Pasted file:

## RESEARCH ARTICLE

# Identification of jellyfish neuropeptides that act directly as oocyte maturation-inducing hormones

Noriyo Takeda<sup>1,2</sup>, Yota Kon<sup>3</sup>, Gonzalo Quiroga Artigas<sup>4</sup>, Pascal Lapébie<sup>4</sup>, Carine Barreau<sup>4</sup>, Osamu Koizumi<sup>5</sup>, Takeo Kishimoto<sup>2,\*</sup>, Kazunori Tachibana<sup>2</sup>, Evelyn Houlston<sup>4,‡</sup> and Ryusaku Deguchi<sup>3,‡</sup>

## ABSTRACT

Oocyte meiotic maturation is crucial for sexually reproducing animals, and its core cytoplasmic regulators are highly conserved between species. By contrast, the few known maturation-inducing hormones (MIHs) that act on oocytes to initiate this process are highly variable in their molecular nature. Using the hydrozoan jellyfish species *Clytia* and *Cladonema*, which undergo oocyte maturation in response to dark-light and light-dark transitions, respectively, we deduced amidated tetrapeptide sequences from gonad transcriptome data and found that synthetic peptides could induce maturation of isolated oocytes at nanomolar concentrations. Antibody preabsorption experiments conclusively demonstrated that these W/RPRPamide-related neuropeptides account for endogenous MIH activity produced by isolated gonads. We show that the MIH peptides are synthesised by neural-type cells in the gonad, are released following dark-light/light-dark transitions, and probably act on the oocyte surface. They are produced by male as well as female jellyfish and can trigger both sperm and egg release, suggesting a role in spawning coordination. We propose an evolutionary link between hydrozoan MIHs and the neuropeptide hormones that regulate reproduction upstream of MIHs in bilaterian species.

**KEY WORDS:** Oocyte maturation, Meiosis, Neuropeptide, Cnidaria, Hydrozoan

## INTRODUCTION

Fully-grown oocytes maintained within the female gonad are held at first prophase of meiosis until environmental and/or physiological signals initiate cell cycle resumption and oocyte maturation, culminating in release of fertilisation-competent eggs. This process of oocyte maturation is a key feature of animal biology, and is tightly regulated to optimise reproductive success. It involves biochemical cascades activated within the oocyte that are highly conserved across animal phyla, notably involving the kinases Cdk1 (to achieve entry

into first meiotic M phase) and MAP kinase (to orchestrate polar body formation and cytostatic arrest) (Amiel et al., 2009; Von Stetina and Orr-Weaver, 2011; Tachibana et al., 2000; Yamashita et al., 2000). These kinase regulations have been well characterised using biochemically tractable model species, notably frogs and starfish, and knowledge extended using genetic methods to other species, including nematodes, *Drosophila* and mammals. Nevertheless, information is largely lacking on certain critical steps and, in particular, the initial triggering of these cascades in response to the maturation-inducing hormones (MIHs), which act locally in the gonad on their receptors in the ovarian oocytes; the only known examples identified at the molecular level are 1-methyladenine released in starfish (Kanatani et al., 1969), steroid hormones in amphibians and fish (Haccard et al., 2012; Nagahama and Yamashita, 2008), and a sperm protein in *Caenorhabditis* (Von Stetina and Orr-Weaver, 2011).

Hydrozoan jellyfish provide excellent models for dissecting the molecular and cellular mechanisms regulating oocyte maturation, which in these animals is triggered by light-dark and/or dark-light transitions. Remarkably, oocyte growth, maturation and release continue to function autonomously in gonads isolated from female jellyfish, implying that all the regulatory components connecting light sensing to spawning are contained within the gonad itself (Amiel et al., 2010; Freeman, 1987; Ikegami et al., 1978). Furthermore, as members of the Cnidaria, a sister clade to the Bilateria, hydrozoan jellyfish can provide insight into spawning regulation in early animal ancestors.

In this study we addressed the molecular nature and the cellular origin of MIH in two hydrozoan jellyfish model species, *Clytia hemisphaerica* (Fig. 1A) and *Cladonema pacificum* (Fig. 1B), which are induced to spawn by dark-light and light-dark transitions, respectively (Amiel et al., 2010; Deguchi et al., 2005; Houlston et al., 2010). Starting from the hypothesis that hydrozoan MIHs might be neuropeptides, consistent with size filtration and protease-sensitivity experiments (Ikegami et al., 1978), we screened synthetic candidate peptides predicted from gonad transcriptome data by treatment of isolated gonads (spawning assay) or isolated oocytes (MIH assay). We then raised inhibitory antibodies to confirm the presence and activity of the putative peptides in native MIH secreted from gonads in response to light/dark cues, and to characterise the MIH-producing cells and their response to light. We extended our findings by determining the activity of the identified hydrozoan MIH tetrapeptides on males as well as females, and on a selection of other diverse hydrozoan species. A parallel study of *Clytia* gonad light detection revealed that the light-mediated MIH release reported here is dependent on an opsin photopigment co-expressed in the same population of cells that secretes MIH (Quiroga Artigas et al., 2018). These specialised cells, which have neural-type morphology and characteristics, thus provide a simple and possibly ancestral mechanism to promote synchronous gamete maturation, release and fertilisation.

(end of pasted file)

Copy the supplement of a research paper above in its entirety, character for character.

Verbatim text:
## RESEARCH ARTICLE

# Identification of jellyfish neuropeptides that act directly as oocyte maturation-inducing hormones

Noriyo Takeda<sup>1,2</sup>, Yota Kon<sup>3</sup>, Gonzalo Quiroga Artigas<sup>4</sup>, Pascal Lapébie<sup>4</sup>, Carine Barreau<sup>4</sup>, Osamu Koizumi<sup>5</sup>, Takeo Kishimoto<sup>2,\*</sup>, Kazunori Tachibana<sup>2</sup>, Evelyn Houlston<sup>4,‡</sup> and Ryusaku Deguchi<sup>3,‡</sup>

## ABSTRACT

Oocyte meiotic maturation is crucial for sexually reproducing animals, and its core cytoplasmic regulators are highly conserved between species. By contrast, the few known maturation-inducing hormones (MIHs) that act on oocytes to initiate this process are highly variable in their molecular nature. Using the hydrozoan jellyfish species *Clytia* and *Cladonema*, which undergo oocyte maturation in response to dark-light and light-dark transitions, respectively, we deduced amidated tetrapeptide sequences from gonad transcriptome data and found that synthetic peptides could induce maturation of isolated oocytes at nanomolar concentrations. Antibody preabsorption experiments conclusively demonstrated that these W/RPRPamide-related neuropeptides account for endogenous MIH activity produced by isolated gonads. We show that the MIH peptides are synthesised by neural-type cells in the gonad, are released following dark-light/light-dark transitions, and probably act on the oocyte surface. They are produced by male as well as female jellyfish and can trigger both sperm and egg release, suggesting a role in spawning coordination. We propose an evolutionary link between hydrozoan MIHs and the neuropeptide hormones that regulate reproduction upstream of MIHs in bilaterian species.

**KEY WORDS:** Oocyte maturation, Meiosis, Neuropeptide, Cnidaria, Hydrozoan

## INTRODUCTION

Fully-grown oocytes maintained within the female gonad are held at first prophase of meiosis until environmental and/or physiological signals initiate cell cycle resumption and oocyte maturation, culminating in release of fertilisation-competent eggs. This process of oocyte maturation is a key feature of animal biology, and is tightly regulated to optimise reproductive success. It involves biochemical cascades activated within the oocyte that are highly conserved across animal phyla, notably involving the kinases Cdk1 (to achieve entry

into first meiotic M phase) and MAP kinase (to orchestrate polar body formation and cytostatic arrest) (Amiel et al., 2009; Von Stetina and Orr-Weaver, 2011; Tachibana et al., 2000; Yamashita et al., 2000). These kinase regulations have been well characterised using biochemically tractable model species, notably frogs and starfish, and knowledge extended using genetic methods to other species, including nematodes, *Drosophila* and mammals. Nevertheless, information is largely lacking on certain critical steps and, in particular, the initial triggering of these cascades in response to the maturation-inducing hormones (MIHs), which act locally in the gonad on their receptors in the ovarian oocytes; the only known examples identified at the molecular level are 1-methyladenine released in starfish (Kanatani et al., 1969), steroid hormones in amphibians and fish (Haccard et al., 2012; Nagahama and Yamashita, 2008), and a sperm protein in *Caenorhabditis* (Von Stetina and Orr-Weaver, 2011).

Hydrozoan jellyfish provide excellent models for dissecting the molecular and cellular mechanisms regulating oocyte maturation, which in these animals is triggered by light-dark and/or dark-light transitions. Remarkably, oocyte growth, maturation and release continue to function autonomously in gonads isolated from female jellyfish, implying that all the regulatory components connecting light sensing to spawning are contained within the gonad itself (Amiel et al., 2010; Freeman, 1987; Ikegami et al., 1978). Furthermore, as members of the Cnidaria, a sister clade to the Bilateria, hydrozoan jellyfish can provide insight into spawning regulation in early animal ancestors.

In this study we addressed the molecular nature and the cellular origin of MIH in two hydrozoan jellyfish model species, *Clytia hemisphaerica* (Fig. 1A) and *Cladonema pacificum* (Fig. 1B), which are induced to spawn by dark-light and light-dark transitions, respectively (Amiel et al., 2010; Deguchi et al., 2005; Houlston et al., 2010). Starting from the hypothesis that hydrozoan MIHs might be neuropeptides, consistent with size filtration and protease-sensitivity experiments (Ikegami et al., 1978), we screened synthetic candidate peptides predicted from gonad transcriptome data by treatment of isolated gonads (spawning assay) or isolated oocytes (MIH assay). We then raised inhibitory antibodies to confirm the presence and activity of the putative peptides in native MIH secreted from gonads in response to light/dark cues, and to characterise the MIH-producing cells and their response to light. We extended our findings by determining the activity of the identified hydrozoan MIH tetrapeptides on males as well as females, and on a selection of other diverse hydrozoan species. A parallel study of *Clytia* gonad light detection revealed that the light-mediated MIH release reported here is dependent on an opsin photopigment co-expressed in the same population of cells that secretes MIH (Quiroga Artigas et al., 2018). These specialised cells, which have neural-type morphology and characteristics, thus provide a simple and possibly ancestral mechanism to promote synchronous gamete maturation, release and fertilisation.